Be A Safer Cyclist

Be A Safer Cyclist

In our new, Covid-safe ‘normal’, cycling seems an attractive alternative to public transport, doesn’t it? The ultimate social distance! Or perhaps cycling is a new hobby begun during lockdown, to make the most of that golden allotted time outdoors. It’s also a great form of exercise. Fitness and a healthy weight are more important than ever, with obesity proven to be a major factor in Covid complications. Many gyms are not yet fully open, while others have permanently closed, so cycling ticks that box, too.


Boris Says On Your Bike

In fact, the Government are positively encouraging cycling as both a form of exercise and an alternative to public transport. A July 2020 press release promises “Government’s most ambitious plans yet to boost cycling and walking”. Initiatives include thousands of miles of new protected bike lanes, cycle training for any child or adult, and plans for the “first ever zero-emission transport city”. Straight away, £50 bike repair vouchers are available to encourage bike use.


Injury Prevention Week

This week is Injury Prevention Week and with so many new and inexperienced cyclists on the road, it could be that the accident statistics for 2020 will make for grim reading. The most recent statistics are those for 2018 and there are already some sobering figures. According to the Royal Society for the Prevention of Accidents, some 17,550 cyclists were injured in reported road accidents in 2018. Over 4000 of those were seriously injured – or even killed. That number is bad enough, but this is only those accidents that were reported to the police. Many cyclist casualties are never reported, even if the cyclist is hospitalised by their injuries. This figure also doesn’t take into account cycling accidents away from roads. There could be two, even three times as many seriously injured cyclists and double the number of slightly injured.


Cycle for Miles

CyclingUK estimate that 3.3 billion miles are covered by the UK’s cyclists over a year, which would imply that cycling is much more beneficial to health than detrimental. However, although cycling accounts for under 1% of road traffic, the cyclists’ share of overall casualties among all road users is disproportionately high:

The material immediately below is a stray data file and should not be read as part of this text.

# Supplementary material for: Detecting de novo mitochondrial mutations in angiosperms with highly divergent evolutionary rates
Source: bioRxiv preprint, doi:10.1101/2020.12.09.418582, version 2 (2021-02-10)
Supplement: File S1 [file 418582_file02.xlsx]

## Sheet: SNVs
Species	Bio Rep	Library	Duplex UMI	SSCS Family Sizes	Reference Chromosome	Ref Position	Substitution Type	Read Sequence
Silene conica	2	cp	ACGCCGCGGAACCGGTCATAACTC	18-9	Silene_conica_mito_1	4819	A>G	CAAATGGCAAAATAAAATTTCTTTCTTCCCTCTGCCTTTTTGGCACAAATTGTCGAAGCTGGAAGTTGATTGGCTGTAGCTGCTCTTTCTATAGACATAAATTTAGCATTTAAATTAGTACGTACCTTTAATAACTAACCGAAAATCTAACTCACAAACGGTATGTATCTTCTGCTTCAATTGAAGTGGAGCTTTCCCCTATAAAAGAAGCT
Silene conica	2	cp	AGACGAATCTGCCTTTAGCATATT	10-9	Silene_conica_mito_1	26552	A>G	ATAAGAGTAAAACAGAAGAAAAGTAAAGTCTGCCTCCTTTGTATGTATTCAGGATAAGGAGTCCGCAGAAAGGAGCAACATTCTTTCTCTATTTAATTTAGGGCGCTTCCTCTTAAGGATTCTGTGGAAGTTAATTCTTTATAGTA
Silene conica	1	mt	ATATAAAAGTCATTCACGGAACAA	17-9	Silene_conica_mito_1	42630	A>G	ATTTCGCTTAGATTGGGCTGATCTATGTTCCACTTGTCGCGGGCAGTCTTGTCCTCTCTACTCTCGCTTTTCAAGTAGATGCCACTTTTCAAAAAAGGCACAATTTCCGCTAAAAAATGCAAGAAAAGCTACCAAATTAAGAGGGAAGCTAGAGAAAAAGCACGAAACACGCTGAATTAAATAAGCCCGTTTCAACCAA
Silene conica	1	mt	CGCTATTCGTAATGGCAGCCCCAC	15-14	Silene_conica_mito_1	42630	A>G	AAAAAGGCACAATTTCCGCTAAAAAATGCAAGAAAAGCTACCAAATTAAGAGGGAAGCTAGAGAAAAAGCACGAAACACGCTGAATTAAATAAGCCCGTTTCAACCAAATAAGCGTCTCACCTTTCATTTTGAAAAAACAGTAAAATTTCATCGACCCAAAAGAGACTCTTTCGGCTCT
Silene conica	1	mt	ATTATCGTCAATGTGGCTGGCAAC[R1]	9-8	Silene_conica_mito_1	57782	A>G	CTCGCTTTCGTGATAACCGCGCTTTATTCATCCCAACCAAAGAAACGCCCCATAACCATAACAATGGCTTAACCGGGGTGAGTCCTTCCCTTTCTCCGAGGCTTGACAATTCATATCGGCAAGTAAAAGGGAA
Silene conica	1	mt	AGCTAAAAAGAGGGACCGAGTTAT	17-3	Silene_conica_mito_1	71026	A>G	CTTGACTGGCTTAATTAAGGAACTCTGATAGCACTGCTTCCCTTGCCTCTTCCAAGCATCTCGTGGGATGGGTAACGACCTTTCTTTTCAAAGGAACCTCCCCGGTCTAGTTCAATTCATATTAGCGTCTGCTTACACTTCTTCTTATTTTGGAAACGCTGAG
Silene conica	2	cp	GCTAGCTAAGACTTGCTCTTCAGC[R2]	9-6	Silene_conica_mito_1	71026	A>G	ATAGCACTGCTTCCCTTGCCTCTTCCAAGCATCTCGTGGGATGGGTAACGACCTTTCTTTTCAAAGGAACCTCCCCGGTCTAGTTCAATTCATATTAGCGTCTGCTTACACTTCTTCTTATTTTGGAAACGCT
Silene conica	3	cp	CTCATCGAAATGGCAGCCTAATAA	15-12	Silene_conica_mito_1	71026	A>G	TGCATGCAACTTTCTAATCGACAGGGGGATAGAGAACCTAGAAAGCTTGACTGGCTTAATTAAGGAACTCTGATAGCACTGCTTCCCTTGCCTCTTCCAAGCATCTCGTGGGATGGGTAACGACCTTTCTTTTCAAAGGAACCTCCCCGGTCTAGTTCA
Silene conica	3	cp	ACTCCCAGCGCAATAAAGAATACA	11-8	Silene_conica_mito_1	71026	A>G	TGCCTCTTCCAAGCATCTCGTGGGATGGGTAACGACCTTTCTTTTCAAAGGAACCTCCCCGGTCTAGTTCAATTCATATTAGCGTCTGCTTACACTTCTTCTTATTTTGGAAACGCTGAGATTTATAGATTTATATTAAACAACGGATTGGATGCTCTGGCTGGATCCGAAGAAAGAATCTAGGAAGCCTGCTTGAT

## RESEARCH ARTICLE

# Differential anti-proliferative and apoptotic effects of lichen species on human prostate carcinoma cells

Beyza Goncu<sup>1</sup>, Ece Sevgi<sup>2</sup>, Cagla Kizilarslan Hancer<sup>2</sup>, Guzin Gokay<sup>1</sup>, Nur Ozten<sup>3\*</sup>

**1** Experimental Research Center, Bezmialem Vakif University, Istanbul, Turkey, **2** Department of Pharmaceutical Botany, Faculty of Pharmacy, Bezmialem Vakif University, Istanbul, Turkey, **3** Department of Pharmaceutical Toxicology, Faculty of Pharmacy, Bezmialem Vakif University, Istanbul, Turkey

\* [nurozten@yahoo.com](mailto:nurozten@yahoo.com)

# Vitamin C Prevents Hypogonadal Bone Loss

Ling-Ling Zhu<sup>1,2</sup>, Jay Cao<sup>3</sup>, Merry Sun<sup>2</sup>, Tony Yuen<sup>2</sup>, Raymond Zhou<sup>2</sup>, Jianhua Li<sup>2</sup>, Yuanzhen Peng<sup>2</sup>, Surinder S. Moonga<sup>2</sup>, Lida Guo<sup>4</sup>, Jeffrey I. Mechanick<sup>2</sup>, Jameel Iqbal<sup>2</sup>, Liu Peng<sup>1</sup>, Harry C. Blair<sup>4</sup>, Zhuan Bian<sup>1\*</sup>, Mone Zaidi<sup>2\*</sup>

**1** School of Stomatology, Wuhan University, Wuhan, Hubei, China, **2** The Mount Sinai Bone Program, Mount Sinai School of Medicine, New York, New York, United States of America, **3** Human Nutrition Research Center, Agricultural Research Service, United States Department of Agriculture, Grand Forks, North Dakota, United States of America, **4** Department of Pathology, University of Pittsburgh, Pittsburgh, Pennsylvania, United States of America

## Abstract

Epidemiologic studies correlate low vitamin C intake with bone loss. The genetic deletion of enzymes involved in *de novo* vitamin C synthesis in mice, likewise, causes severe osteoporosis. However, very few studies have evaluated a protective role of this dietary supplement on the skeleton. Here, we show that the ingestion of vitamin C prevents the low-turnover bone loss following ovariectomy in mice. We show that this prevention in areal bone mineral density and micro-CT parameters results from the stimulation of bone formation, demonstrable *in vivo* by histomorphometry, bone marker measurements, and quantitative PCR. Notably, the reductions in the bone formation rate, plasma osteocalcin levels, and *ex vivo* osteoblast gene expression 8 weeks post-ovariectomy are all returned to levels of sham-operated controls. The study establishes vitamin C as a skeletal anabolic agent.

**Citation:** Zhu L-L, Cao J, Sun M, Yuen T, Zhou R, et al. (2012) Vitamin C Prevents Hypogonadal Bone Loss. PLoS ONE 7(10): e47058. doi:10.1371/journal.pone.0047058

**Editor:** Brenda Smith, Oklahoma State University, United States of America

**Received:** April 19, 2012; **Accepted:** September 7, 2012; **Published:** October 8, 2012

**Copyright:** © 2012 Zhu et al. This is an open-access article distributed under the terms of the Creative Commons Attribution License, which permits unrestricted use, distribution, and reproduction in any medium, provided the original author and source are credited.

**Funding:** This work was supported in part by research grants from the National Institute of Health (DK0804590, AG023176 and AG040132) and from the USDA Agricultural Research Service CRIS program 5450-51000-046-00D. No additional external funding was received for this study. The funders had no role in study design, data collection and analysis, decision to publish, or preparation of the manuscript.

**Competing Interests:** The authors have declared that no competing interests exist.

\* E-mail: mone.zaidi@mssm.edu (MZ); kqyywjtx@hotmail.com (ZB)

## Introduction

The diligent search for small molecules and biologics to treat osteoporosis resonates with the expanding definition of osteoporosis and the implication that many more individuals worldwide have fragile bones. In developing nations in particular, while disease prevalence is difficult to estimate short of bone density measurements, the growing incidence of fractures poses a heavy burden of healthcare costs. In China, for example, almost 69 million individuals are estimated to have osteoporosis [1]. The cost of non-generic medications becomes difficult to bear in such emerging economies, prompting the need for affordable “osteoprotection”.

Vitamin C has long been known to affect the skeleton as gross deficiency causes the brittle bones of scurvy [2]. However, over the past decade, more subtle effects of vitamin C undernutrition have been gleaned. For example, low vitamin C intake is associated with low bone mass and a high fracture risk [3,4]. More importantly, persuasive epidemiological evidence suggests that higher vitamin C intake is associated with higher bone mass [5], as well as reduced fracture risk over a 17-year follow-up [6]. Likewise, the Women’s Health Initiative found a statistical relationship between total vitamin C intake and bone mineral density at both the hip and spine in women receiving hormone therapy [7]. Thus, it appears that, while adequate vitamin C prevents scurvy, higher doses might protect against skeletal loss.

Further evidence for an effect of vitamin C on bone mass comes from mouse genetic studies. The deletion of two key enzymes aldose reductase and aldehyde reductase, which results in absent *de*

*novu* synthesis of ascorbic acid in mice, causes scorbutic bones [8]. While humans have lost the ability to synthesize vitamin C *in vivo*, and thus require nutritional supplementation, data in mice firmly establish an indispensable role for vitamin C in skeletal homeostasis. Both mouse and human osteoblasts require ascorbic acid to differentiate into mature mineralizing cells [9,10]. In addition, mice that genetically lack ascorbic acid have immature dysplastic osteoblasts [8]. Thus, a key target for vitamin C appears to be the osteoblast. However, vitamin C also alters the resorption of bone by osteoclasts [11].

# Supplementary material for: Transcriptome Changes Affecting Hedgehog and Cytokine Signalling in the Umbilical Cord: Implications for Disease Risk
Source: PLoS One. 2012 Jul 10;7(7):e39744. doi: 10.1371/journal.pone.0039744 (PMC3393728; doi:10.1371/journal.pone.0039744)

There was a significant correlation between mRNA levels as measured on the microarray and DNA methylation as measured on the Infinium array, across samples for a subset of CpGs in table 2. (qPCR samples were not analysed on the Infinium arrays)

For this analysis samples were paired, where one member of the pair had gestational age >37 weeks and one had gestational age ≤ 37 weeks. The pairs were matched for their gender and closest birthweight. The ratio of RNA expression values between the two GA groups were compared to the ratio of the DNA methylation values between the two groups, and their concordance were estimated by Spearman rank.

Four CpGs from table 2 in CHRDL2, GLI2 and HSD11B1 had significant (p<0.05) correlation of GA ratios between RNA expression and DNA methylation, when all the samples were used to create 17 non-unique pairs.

• 5% of fatalities
  • 5% of serious injures
  • 3% of slight injuries
  • 9% of all casualties


Cycle Safely

Cyclists’ accidents are most common in urban areas. Collisions are most prevalent around junctions. T-junctions and roundabouts are particularly risky, as are faster roads – certainly in terms of serious injury. Cyclists are far more likely to become a road casualty statistic than car occupants. But there are steps you can take to minimise your risk:

  • Be visible! Use lights, and wear colourful, hi-vis clothing
  • Avoid cycling too near to the kerb
  • Take extra care and slow down near junctions and traffic lights
  • Be aware of parked cars with potential to open doors
  • Always, ALWAYS wear a correctly-fitted helmet
  • Avoid distractions – take the headphones or air pods OUT!
  • Wear a helmet camera just in case. Make that visible to drivers, too.
  • Take cycling training


Highway Code Updates for Cycling Safety

The Government is working to improve cycling safety and updating the Highway Code accordingly.  The ‘Rules for cyclists’ chapter of The Highway Code will:

  • include references to cycle tracks, cycle signals and new junction designs
  • amend the wording on Advanced Stop Lines
  • clarify the priority cyclists have over other vehicles when going straight ahead at a junction
  • provide advice on cyclist behaviours when riding on a shared use route and giving pedestrians priority
  • recommend that cyclists give way to pedestrians waiting to cross the road at a side road or junctions
  • strengthen advice around the value of cycle training
  • expand the rules on safe riding and crossing busy roads, including recommended procedures for cycling at roundabouts and road positioning


Anyone Can Have an Accident

Even experienced cyclists can be the victim of an accident. Whatever your motivation or level of expertise, you can feel particularly vulnerable and at risk of injury on the road.  As a cyclist, you can take every necessary precaution; ride carefully, sensibly and lawfully; always wear your helmet and yet still be the victim of an accident that’s not your fault.

The police and the Department for Transport record “Contributory Factors” in reported road traffic accidents. In 2018, as in all previous years, ‘failed to look properly’ topped the list, with 33,879 instances. Next comes ‘failed to judge other person’s path or speed’, closely followed by ‘Careless, reckless or in a hurry’ then ‘poor turn or manoeuvre’.  The DfT’s data shows that cyclists are less likely to be at fault. In 2018, as in other years, around half of cycles involved in incidents had no ‘contributory factor’ logged against them.


Not Your Fault?

So, say the worst happens? You are knocked off your bike by a car driver who failed to look properly, or by a driver in a hurry. What then? The expert legal team at GO-Law can help. You may be able to claim as a cyclist for accident compensation. GO-Law will go the extra mile to obtain the compensation you deserve. This could cover your expenses and loss of income as a result of the accident, as well as any medical bills, physiotherapy and rehabilitation; travel expenses and bike repair or replacement and any other out-of-pocket expenses resulting from the accident.

Cyclists can claim compensation from drivers who have caused their accident. If you are a cyclist and you have been injured in an accident that wasn’t your fault, then contact GO-Law today to see if you have a case for compensation for cyclists. Please call Justine or Geraint at GO-Law on 01625 523 838 or email us on